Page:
United States District Court, W.D. Kentucky, Bowling Green Division
ROY ANDERSON CARVER, JR. PETITIONER
THE COMMONWEALTH DEPARTMENT OF CORRECTIONS RESPONDENT
Petitioner, pro se Attorney General, Commonwealth of
Kentucky, Office of Criminal Appeals,
N. Stivers, United States District Court Judge
Roy Anderson Carver, Jr., pro se, brought this 28
U.S.C. § 2254 action by filing a petition for writ of
habeas corpus challenging his conviction for wanton
endangerment in the Warren Circuit Court (DN 1). On
preliminary consideration under Rule 4 of the Rules Governing
Section 2254 Cases in the United States District Courts, the
Court directed Petitioner to show cause why his petition
should not be dismissed for failure to exhaust all available
state court remedies.
to the petition, Petitioner did not appeal from the judgment
of conviction or file any other petitions, applications, or
motions concerning the judgment of conviction in any state
court. In the portion of the petition form asking Petitioner
to explain why he had not appealed to the highest state court
having jurisdiction, he states: “illegal coerced guilty
plea in furtherance of Commonwealth's conspiracy for
civil rights violations and obstruction of justice.” In
his response (DN 8) to the Court's show-cause order,
Petitioner asserts that “an avenue of state
remedies” is “inapplicable and unavailable to the
petitioner as a matter of Kentucky state law, and
Non-Compliant to the U.S. Constitution and illumed by the
extraordinary events of abuse of discretionary authority,
harmful and irreversible miscarriage of justice unfairly
obtain thru the trial courts' coerced loquacious
‘GUILTY PLEA COLLOQUY' schemes . . . .” He
appears to assert that Kentucky is biased against pro
se litigants, in part because of its “notorious
White Nationalist Confederate Campaign body politic
collective.” His response also details his belief that
the Antiterrorism and Effective Death Penalty Act of 1996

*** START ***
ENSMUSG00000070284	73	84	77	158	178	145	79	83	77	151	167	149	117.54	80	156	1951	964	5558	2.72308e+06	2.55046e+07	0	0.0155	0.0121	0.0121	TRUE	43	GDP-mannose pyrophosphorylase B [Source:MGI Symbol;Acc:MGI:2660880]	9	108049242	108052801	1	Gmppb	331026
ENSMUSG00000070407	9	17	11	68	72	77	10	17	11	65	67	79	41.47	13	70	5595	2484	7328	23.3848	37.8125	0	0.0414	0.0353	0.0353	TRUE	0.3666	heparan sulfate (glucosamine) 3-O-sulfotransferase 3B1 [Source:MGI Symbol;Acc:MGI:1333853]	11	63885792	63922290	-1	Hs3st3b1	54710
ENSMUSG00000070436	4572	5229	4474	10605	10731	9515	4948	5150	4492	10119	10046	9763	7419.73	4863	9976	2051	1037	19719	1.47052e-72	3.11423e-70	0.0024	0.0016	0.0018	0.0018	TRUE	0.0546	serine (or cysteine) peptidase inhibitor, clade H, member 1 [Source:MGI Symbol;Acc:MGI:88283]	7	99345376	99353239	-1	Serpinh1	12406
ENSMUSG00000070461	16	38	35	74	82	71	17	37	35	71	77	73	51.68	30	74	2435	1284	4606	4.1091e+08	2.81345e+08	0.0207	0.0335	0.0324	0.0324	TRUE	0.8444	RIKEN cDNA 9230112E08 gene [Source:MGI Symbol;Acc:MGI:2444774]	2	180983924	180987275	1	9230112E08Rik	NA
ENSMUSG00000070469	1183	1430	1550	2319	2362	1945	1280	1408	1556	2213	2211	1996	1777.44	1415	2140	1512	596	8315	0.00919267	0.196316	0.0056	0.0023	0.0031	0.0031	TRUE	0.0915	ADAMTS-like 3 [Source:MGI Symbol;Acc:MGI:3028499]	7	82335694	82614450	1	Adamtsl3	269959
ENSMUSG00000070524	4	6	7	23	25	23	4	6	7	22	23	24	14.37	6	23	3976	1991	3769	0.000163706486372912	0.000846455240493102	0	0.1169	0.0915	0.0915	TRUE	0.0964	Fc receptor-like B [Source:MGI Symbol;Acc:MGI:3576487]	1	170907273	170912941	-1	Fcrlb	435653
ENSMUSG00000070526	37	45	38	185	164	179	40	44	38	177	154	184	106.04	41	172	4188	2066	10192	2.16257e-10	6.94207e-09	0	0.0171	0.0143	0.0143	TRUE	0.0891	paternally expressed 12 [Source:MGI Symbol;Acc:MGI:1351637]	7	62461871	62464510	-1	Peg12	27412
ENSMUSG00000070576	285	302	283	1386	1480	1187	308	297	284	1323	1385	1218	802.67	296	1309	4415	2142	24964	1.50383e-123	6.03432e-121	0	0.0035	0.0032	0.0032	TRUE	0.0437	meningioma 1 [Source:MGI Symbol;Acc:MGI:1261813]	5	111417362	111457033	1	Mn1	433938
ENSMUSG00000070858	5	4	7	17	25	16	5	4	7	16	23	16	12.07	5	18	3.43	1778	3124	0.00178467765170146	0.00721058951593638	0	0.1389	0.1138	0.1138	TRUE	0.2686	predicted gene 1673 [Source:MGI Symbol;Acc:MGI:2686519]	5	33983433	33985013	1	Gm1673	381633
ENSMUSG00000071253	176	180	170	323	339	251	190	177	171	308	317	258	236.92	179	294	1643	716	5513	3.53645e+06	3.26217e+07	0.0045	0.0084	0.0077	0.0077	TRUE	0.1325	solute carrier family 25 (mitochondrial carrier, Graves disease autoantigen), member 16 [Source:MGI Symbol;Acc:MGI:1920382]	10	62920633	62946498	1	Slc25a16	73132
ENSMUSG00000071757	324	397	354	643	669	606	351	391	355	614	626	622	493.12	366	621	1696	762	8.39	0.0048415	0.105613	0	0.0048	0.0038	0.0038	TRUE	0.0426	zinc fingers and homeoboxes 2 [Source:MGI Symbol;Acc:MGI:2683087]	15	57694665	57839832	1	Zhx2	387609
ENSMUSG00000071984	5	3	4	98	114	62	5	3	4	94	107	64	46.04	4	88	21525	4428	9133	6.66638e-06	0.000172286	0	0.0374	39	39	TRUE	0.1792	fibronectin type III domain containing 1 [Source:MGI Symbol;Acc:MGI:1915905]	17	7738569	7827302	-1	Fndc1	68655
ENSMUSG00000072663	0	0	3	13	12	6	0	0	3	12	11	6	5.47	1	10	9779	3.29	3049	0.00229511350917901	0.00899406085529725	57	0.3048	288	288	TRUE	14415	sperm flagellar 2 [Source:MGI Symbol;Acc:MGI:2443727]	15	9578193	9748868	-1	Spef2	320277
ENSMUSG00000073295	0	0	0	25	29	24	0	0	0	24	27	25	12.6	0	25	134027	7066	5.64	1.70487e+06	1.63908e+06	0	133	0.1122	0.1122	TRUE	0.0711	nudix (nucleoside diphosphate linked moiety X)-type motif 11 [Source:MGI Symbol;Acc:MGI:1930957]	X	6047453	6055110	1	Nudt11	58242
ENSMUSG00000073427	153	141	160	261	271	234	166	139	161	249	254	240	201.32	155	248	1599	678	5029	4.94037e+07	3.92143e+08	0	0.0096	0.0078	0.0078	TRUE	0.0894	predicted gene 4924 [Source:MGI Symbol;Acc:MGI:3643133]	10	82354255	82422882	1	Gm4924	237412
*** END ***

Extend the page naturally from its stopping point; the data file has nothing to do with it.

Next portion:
(AEDPA) is one of the “worst statutes ever” and
makes arguments about the substance of his habeas
to the AEDPA, Pub. L. No. 104-132, 110 Stat. 1214 (Apr. 24,
1996), a petitioner must exhaust his remedies in state court
before a federal court may grant habeas relief. 28 U.S.C.
§ 2254(b). As the Court explained in its show-cause
order, any alleged constitutional deprivations must be
asserted through the state appellate process.
O'Sullivan v. Boerckel, 526 U.S. 838, 845
(1999). “Because the exhaustion doctrine is designed to
give the state courts a full and fair opportunity to resolve
federal constitutional claims before those claims are
presented to the federal courts, [the Supreme Court]
conclude[s] that state prisoners must give the state courts
one full opportunity to resolve any constitutional issues by
invoking one complete round of the State's established
appellate review process.” Id. The burden is
on Petitioner to demonstrate compliance with the exhaustion
requirement or that the state procedure would be futile.
Rust v. Zent, 17 F.3d 155, 160 (6th Cir. 1994).
states that he has not presented his claims to the state
court for review. The only reason given by Petitioner is his
view that such remedies are inapplicable and unavailable to
him as a matter of Kentucky state law because of the trial
courts' allegedly coercive guilty-plea colloquy schemes.
Simply alleging a court conspiracy does not meet the test for
futility. See, e.g., Bru'ton v.
Johnson, No. 3:15-CV-00884, 2016 WL 912283, at *6 (M.D.
Tenn. Mar. 9, 2016) (“The petitioner's unsupported
claim of a court conspiracy against him is insufficient to
excuse the exhaustion requirement.”) (citing Banks
v. Smith, 377 F.Supp.2d 92, 95 (D.D.C. 2005)). Because
Petitioner has not exhausted his state remedies and because
he has not demonstrated the futility of the state appellate
procedure, the Court will dismiss the petition for failure to
individual who unsuccessfully petitions for writ of habeas
corpus in a federal district court and subsequently seeks
appellate review must secure a certificate of appealability
(COA) from either “a circuit justice or judge”
before the appellate court may review the appeal. 28 U.S.C.
§ 2253(c)(1). A COA may not issue unless “the
applicant has made a substantial showing of the denial of a
constitutional right.” § 2253(c)(2); Slack v.
McDaniel, 529 U.S. 473, 483 (2000).
district court denies such a motion on procedural grounds
without addressing the merits of the petition, a COA should
issue if the petitioner shows “that jurists of reason
would find it debatable whether the petition states a valid
claim of the denial of a constitutional right and that
jurists of reason would find it debatable whether the
district court was correct in its procedural ruling.”
Slack, 529 U.S. at 484.
plain procedural bar is present and a court is correct to
invoke it to dispose of the matter, a reasonable jurist could
not conclude either that the court erred in dismissing the
petition or that the petitioner should be allowed to proceed
further. Id. In such a case, no appeal is warranted.
Id. The Court is satisfied that no jurist of reason